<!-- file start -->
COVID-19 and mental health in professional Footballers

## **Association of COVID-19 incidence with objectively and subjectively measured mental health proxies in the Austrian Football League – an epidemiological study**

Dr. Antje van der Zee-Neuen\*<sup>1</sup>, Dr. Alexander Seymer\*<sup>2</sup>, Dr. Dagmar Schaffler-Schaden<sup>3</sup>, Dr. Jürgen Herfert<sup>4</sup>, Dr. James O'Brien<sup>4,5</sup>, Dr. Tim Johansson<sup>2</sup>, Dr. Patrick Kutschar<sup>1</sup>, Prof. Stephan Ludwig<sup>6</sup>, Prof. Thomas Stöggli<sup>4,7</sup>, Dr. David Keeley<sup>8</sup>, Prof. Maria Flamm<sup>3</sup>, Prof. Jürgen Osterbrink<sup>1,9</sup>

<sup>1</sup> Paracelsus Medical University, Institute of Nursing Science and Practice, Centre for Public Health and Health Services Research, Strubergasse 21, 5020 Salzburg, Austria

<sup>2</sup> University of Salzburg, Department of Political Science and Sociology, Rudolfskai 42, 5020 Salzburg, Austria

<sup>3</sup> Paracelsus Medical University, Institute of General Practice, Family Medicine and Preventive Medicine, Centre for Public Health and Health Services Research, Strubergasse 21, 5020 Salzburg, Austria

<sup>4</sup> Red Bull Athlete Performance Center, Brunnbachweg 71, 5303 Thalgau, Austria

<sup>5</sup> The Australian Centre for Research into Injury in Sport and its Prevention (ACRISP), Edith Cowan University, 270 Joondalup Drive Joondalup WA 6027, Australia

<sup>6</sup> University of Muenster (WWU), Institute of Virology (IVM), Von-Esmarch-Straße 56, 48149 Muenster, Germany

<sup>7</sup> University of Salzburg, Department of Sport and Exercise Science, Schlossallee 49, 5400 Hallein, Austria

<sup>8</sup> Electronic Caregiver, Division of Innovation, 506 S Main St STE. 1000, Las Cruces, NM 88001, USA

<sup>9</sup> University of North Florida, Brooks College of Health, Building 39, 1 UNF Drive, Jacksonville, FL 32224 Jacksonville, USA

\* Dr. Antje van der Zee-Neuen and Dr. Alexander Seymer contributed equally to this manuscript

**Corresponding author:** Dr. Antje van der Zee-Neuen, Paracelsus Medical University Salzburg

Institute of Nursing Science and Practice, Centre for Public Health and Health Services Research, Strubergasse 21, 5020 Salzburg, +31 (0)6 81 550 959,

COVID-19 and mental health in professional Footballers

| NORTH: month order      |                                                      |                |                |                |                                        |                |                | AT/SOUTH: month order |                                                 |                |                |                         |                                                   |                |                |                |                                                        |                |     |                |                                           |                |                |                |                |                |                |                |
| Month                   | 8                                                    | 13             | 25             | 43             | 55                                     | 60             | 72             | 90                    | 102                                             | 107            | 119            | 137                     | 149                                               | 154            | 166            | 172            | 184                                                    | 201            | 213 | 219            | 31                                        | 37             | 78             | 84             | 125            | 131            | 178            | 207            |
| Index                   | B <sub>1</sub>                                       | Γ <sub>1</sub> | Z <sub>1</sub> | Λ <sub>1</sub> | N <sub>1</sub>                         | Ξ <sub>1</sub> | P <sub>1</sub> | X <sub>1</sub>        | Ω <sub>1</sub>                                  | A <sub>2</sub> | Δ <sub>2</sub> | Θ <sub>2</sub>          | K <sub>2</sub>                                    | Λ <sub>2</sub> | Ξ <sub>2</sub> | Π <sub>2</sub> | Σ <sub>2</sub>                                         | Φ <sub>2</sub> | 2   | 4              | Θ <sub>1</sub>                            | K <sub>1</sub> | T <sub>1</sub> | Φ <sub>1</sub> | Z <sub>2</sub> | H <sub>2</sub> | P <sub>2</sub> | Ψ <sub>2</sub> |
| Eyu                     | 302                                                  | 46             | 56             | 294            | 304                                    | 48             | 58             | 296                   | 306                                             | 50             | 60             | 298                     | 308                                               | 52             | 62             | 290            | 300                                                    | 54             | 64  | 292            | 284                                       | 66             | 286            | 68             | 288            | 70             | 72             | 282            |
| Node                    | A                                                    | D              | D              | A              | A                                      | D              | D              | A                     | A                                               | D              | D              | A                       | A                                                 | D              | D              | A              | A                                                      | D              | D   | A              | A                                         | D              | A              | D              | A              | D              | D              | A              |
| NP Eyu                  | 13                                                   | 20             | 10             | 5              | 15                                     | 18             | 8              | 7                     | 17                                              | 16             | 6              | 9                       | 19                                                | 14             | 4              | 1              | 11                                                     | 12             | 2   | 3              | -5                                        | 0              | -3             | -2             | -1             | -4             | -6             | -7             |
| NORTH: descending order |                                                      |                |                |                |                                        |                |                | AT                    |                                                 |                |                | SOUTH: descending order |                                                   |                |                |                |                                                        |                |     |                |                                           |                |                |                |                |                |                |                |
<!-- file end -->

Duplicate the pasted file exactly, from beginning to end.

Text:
COVID-19 and mental health in professional Footballers

## **Association of COVID-19 incidence with objectively and subjectively measured mental health proxies in the Austrian Football League – an epidemiological study**

Dr. Antje van der Zee-Neuen\*<sup>1</sup>, Dr. Alexander Seymer\*<sup>2</sup>, Dr. Dagmar Schaffler-Schaden<sup>3</sup>, Dr. Jürgen Herfert<sup>4</sup>, Dr. James O'Brien<sup>4,5</sup>, Dr. Tim Johansson<sup>2</sup>, Dr. Patrick Kutschar<sup>1</sup>, Prof. Stephan Ludwig<sup>6</sup>, Prof. Thomas Stöggli<sup>4,7</sup>, Dr. David Keeley<sup>8</sup>, Prof. Maria Flamm<sup>3</sup>, Prof. Jürgen Osterbrink<sup>1,9</sup>

<sup>1</sup> Paracelsus Medical University, Institute of Nursing Science and Practice, Centre for Public Health and Health Services Research, Strubergasse 21, 5020 Salzburg, Austria

<sup>2</sup> University of Salzburg, Department of Political Science and Sociology, Rudolfskai 42, 5020 Salzburg, Austria

<sup>3</sup> Paracelsus Medical University, Institute of General Practice, Family Medicine and Preventive Medicine, Centre for Public Health and Health Services Research, Strubergasse 21, 5020 Salzburg, Austria

<sup>4</sup> Red Bull Athlete Performance Center, Brunnbachweg 71, 5303 Thalgau, Austria

<sup>5</sup> The Australian Centre for Research into Injury in Sport and its Prevention (ACRISP), Edith Cowan University, 270 Joondalup Drive Joondalup WA 6027, Australia

<sup>6</sup> University of Muenster (WWU), Institute of Virology (IVM), Von-Esmarch-Straße 56, 48149 Muenster, Germany

<sup>7</sup> University of Salzburg, Department of Sport and Exercise Science, Schlossallee 49, 5400 Hallein, Austria

<sup>8</sup> Electronic Caregiver, Division of Innovation, 506 S Main St STE. 1000, Las Cruces, NM 88001, USA

<sup>9</sup> University of North Florida, Brooks College of Health, Building 39, 1 UNF Drive, Jacksonville, FL 32224 Jacksonville, USA

\* Dr. Antje van der Zee-Neuen and Dr. Alexander Seymer contributed equally to this manuscript

**Corresponding author:** Dr. Antje van der Zee-Neuen, Paracelsus Medical University Salzburg

Institute of Nursing Science and Practice, Centre for Public Health and Health Services Research, Strubergasse 21, 5020 Salzburg, +31 (0)6 81 550 959,

COVID-19 and mental health in professional Footballers

| NORTH: month order      |                                                      |                |                |                |                                        |                |                | AT/SOUTH: month order |                                                 |                |                |                         |                                                   |                |                |                |                                                        |                |     |                |                                           |                |                |                |                |                |                |                |
| Month                   | 8                                                    | 13             | 25             | 43             | 55                                     | 60             | 72             | 90                    | 102                                             | 107            | 119            | 137                     | 149                                               | 154            | 166            | 172            | 184                                                    | 201            | 213 | 219            | 31                                        | 37             | 78             | 84             | 125            | 131            | 178            | 207            |
| Index                   | B <sub>1</sub>                                       | Γ <sub>1</sub> | Z <sub>1</sub> | Λ <sub>1</sub> | N <sub>1</sub>                         | Ξ <sub>1</sub> | P <sub>1</sub> | X <sub>1</sub>        | Ω <sub>1</sub>                                  | A <sub>2</sub> | Δ <sub>2</sub> | Θ <sub>2</sub>          | K <sub>2</sub>                                    | Λ <sub>2</sub> | Ξ <sub>2</sub> | Π <sub>2</sub> | Σ <sub>2</sub>                                         | Φ <sub>2</sub> | 2   | 4              | Θ <sub>1</sub>                            | K <sub>1</sub> | T <sub>1</sub> | Φ <sub>1</sub> | Z <sub>2</sub> | H <sub>2</sub> | P <sub>2</sub> | Ψ <sub>2</sub> |
| Eyu                     | 302                                                  | 46             | 56             | 294            | 304                                    | 48             | 58             | 296                   | 306                                             | 50             | 60             | 298                     | 308                                               | 52             | 62             | 290            | 300                                                    | 54             | 64  | 292            | 284                                       | 66             | 286            | 68             | 288            | 70             | 72             | 282            |
| Node                    | A                                                    | D              | D              | A              | A                                      | D              | D              | A                     | A                                               | D              | D              | A                       | A                                                 | D              | D              | A              | A                                                      | D              | D   | A              | A                                         | D              | A              | D              | A              | D              | D              | A              |
| NP Eyu                  | 13                                                   | 20             | 10             | 5              | 15                                     | 18             | 8              | 7                     | 17                                              | 16             | 6              | 9                       | 19                                                | 14             | 4              | 1              | 11                                                     | 12             | 2   | 3              | -5                                        | 0              | -3             | -2             | -1             | -4             | -6             | -7             |
| NORTH: descending order |                                                      |                |                |                |                                        |                |                | AT                    |                                                 |                |                | SOUTH: descending order |                                                   |                |                |                |                                                        |                |     |                |                                           |                |                |                |                |                |                |                |